Births were the first at Polar Frontier
Powell, OH – Polar bear cubs were born Saturday, Dec. 20 at the Columbus Zoo and Aquarium but they did not survive.
Animal care staff observed the births while monitoring the mother’s activity from a camera mounted in the den. The first birth, recorded at 5 a.m., appeared to be stillborn. The second cub was born about two hours later and the mother, Aurora, appeared to begin caring for it.
The Zoo team could hear the cub vocalizing and observed Aurora, an inexperienced mother, holding the cub in a proper nursing position. Despite Aurora’s apparent care for the cub, the cub’s vocalizations stopped by the afternoon and the animal care team was unable to see it.
The Columbus Zoo animal team, in conjunction with recommendations from other polar bear breeding facilities, made the decision not to intervene. Polar bear cubs are difficult to hand rear and disrupting Aurora’s maternal care was not advised.
Polar bears have one of the lowest reproductive rates of any mammal. The survival rate for a polar bear cub during the first few weeks of life is only about 50 percent.
“While we would certainly wish for a better outcome the birth of these cubs is a major step in our polar bear breeding program,” said Curator Carrie Pratt. “We will likely never know why the cubs did not survive but we do know Aurora is able to reproduce and she has gained experience. She’s still a young bear and has many reproductive years ahead of her.”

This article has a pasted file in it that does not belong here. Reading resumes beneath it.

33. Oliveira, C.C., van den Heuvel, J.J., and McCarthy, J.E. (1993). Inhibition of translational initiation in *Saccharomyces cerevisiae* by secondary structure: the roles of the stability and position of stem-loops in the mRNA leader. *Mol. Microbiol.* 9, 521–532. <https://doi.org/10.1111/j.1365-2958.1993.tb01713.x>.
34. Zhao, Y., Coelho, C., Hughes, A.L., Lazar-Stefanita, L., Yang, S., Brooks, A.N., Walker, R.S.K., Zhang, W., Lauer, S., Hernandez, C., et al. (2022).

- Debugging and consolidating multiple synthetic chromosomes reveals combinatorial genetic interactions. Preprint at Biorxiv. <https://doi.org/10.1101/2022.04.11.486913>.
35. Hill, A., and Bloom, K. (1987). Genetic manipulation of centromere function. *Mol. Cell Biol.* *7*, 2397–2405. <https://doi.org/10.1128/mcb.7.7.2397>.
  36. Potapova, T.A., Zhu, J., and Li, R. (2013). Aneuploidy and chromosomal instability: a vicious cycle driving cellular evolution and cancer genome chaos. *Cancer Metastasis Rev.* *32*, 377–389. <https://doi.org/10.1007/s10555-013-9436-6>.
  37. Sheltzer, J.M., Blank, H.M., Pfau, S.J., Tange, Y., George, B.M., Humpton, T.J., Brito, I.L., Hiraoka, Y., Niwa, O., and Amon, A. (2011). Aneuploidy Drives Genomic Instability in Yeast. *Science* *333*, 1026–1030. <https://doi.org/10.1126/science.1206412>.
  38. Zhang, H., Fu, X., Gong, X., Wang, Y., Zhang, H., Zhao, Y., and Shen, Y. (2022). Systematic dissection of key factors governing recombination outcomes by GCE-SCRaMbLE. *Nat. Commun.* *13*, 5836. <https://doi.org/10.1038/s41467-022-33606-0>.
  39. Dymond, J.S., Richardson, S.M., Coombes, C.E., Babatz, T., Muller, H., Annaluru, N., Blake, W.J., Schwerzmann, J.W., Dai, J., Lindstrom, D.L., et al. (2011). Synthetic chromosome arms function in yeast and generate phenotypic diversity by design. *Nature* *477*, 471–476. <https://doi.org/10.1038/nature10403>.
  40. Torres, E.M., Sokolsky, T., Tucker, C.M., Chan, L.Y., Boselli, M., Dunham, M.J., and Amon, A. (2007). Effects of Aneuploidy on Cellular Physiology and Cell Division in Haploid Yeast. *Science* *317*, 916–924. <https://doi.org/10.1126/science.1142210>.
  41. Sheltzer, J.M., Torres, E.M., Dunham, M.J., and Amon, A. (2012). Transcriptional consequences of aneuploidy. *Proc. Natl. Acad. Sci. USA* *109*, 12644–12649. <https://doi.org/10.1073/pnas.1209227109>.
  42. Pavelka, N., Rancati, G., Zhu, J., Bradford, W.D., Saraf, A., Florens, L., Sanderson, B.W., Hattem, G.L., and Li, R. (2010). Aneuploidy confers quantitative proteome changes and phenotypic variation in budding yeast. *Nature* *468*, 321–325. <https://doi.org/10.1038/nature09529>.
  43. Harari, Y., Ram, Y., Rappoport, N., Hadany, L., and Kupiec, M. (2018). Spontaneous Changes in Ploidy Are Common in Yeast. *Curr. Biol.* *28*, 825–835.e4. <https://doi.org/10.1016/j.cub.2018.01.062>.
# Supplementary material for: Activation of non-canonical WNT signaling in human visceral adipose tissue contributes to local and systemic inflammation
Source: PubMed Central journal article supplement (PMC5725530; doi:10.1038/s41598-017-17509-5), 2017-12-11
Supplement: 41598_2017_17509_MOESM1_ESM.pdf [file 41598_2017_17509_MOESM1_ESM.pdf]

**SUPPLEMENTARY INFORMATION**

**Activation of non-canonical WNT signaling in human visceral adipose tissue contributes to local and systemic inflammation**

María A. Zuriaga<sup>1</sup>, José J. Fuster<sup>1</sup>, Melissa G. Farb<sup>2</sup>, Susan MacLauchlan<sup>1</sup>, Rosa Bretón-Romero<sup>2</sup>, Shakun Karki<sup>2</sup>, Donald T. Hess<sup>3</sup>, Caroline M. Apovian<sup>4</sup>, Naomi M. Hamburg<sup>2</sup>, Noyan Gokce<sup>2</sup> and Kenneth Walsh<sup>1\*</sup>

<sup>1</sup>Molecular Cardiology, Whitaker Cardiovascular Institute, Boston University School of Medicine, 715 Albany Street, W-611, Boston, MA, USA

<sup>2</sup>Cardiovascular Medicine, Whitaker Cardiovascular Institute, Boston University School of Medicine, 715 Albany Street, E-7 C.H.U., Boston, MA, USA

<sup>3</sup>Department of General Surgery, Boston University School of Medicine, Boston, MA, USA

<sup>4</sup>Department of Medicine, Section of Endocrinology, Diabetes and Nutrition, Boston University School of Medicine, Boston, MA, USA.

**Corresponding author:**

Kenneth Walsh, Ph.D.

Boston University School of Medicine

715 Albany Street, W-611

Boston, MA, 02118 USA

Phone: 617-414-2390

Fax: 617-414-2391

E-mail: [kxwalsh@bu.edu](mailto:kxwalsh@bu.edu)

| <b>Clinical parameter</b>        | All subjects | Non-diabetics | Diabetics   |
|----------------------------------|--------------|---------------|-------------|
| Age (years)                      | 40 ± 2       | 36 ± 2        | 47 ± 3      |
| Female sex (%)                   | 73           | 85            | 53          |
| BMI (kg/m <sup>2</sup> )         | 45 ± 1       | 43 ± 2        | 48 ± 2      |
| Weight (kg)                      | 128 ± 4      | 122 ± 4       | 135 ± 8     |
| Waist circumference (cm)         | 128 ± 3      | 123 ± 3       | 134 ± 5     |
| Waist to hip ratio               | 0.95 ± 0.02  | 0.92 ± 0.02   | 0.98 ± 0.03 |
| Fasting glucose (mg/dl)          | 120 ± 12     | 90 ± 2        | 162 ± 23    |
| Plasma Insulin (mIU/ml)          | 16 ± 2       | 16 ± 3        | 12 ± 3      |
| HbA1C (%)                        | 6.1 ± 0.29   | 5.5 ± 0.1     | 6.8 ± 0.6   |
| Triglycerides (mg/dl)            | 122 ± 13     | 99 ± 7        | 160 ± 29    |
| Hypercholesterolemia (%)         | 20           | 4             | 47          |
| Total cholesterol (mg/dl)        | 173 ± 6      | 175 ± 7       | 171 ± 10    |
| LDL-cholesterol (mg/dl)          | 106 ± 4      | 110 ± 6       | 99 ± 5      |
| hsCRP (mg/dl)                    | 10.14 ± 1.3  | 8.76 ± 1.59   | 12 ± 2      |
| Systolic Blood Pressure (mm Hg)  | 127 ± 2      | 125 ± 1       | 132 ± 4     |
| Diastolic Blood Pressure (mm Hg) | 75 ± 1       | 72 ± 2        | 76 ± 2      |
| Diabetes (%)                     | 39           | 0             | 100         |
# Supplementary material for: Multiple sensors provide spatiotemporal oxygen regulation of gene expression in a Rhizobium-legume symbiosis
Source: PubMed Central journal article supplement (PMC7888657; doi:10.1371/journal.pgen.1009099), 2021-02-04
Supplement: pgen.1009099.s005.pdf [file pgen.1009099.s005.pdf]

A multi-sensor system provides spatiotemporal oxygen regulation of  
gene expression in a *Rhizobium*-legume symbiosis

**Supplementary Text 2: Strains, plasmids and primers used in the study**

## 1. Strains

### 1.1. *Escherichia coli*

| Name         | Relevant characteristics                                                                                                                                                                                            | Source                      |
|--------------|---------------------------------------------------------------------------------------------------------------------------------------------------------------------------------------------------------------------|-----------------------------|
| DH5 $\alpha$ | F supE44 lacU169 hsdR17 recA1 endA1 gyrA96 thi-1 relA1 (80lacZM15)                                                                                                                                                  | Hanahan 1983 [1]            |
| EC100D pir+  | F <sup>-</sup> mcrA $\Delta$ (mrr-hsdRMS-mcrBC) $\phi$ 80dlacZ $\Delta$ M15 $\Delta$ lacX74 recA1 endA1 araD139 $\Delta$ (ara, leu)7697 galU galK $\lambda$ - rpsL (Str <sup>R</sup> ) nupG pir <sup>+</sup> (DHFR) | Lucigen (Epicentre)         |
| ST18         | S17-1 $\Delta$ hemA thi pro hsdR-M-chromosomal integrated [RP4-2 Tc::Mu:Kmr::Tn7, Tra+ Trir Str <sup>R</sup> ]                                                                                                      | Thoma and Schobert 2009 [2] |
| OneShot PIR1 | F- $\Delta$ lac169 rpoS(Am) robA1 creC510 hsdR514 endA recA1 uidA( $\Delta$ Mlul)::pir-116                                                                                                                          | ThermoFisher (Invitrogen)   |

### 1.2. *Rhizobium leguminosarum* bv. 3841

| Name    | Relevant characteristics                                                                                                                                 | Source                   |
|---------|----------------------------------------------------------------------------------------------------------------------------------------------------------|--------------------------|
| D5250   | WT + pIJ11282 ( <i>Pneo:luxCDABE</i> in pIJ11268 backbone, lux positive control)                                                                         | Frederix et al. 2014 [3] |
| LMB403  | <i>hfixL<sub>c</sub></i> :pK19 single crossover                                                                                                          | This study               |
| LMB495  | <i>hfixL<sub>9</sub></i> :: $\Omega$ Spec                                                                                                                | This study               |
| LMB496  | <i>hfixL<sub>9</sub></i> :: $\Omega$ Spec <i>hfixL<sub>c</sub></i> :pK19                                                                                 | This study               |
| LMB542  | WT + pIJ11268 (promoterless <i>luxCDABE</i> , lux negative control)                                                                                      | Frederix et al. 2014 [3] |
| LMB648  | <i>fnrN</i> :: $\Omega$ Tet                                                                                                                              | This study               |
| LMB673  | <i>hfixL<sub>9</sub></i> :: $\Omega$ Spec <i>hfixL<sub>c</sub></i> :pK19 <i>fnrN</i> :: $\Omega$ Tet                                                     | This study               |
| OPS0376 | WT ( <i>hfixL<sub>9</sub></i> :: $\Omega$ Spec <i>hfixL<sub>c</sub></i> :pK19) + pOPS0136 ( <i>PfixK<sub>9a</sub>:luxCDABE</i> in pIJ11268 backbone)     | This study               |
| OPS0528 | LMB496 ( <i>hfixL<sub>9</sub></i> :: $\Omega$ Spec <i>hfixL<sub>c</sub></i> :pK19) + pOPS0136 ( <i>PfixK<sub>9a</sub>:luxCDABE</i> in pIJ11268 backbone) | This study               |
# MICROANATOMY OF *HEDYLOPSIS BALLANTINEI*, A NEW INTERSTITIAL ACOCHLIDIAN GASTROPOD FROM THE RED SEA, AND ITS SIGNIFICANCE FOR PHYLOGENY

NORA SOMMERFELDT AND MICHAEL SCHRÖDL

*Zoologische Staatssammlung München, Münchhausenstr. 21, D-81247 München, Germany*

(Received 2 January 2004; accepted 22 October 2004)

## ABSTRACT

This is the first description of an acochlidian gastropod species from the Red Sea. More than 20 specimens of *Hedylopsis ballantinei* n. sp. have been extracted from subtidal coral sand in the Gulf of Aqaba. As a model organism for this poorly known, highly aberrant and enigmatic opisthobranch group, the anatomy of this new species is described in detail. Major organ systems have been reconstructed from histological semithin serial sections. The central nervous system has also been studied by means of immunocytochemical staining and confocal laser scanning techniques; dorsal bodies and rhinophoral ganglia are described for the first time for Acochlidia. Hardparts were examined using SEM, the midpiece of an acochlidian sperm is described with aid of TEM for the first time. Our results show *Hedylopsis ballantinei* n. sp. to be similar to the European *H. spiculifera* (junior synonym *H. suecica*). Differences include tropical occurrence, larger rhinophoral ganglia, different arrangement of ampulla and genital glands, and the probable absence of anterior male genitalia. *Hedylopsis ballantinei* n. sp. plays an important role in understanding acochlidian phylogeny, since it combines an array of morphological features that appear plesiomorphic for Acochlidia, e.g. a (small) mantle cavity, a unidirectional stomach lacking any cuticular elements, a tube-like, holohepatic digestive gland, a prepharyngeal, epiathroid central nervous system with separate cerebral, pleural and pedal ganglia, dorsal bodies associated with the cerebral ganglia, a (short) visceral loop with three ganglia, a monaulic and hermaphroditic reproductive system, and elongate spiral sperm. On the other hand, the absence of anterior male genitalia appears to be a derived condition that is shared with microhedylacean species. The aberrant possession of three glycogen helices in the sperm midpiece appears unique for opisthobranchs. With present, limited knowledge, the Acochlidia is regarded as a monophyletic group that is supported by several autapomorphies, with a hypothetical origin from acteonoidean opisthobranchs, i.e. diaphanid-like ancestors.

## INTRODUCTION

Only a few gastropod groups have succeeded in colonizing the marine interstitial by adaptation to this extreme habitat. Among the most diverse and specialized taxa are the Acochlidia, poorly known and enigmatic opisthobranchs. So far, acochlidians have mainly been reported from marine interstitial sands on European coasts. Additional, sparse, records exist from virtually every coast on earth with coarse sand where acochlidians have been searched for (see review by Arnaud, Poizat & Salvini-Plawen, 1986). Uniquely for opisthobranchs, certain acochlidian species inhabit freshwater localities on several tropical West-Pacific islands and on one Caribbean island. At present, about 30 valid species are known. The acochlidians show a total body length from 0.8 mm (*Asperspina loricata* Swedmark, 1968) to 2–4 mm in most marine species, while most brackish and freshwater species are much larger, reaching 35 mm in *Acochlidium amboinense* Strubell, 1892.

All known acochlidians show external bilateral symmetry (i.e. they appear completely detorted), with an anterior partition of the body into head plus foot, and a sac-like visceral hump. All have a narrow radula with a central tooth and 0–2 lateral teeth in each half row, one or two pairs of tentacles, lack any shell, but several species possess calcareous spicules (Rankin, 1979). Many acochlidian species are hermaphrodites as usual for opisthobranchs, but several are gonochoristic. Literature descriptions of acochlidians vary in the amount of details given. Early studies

Female polar bear twins Aurora and Anana arrived at the Columbus Zoo in 2010 when the Polar Frontier region opened. The twins are now seven years old and both have mated with the 27-year-old male polar bear, Nanuq, who arrived in 2012. All three polar bears came from other zoos on breeding loans as part of the Species Survival Plan for the threatened species.
It is unknown if Anana is pregnant, however her desire to den and elevated progesterone levels indicate it is a good possibility.
Female polar bears generally have their first set of cubs between the ages of four and eight years. Due to delayed implantation, the gestation period can range from about 195 to 265 days. Pregnant polar bears den in the fall and give birth, generally to two cubs, in the winter. The cubs typically weigh about one pound at birth, growing quickly on their mother’s fat-rich milk before emerging from the den in the spring.
Polar bears are native to the circumpolar north including the United States (Alaska), Canada, Russia, Norway and Denmark (Greenland). They are at the top of the Arctic food chain and primarily eat seals. Polar bear populations are declining due to the disappearance of sea ice, and experts estimate that only 20,000-25,000 polar bears are left in the wild. Some scientists believe if the warming trend continues two-thirds of the polar bear population could disappear by the year 2050.
“Polar bears need our help,” said Columbus Zoo and Aquarium President and CEO Tom Stalf. “We are committed to doing everything we can at the Zoo, as well as supporting conservation initiatives for wild populations, to save these magnificent sea bears.”
The Columbus Zoo and Aquarium has been designated an Arctic Ambassador Center by Polar Bears International.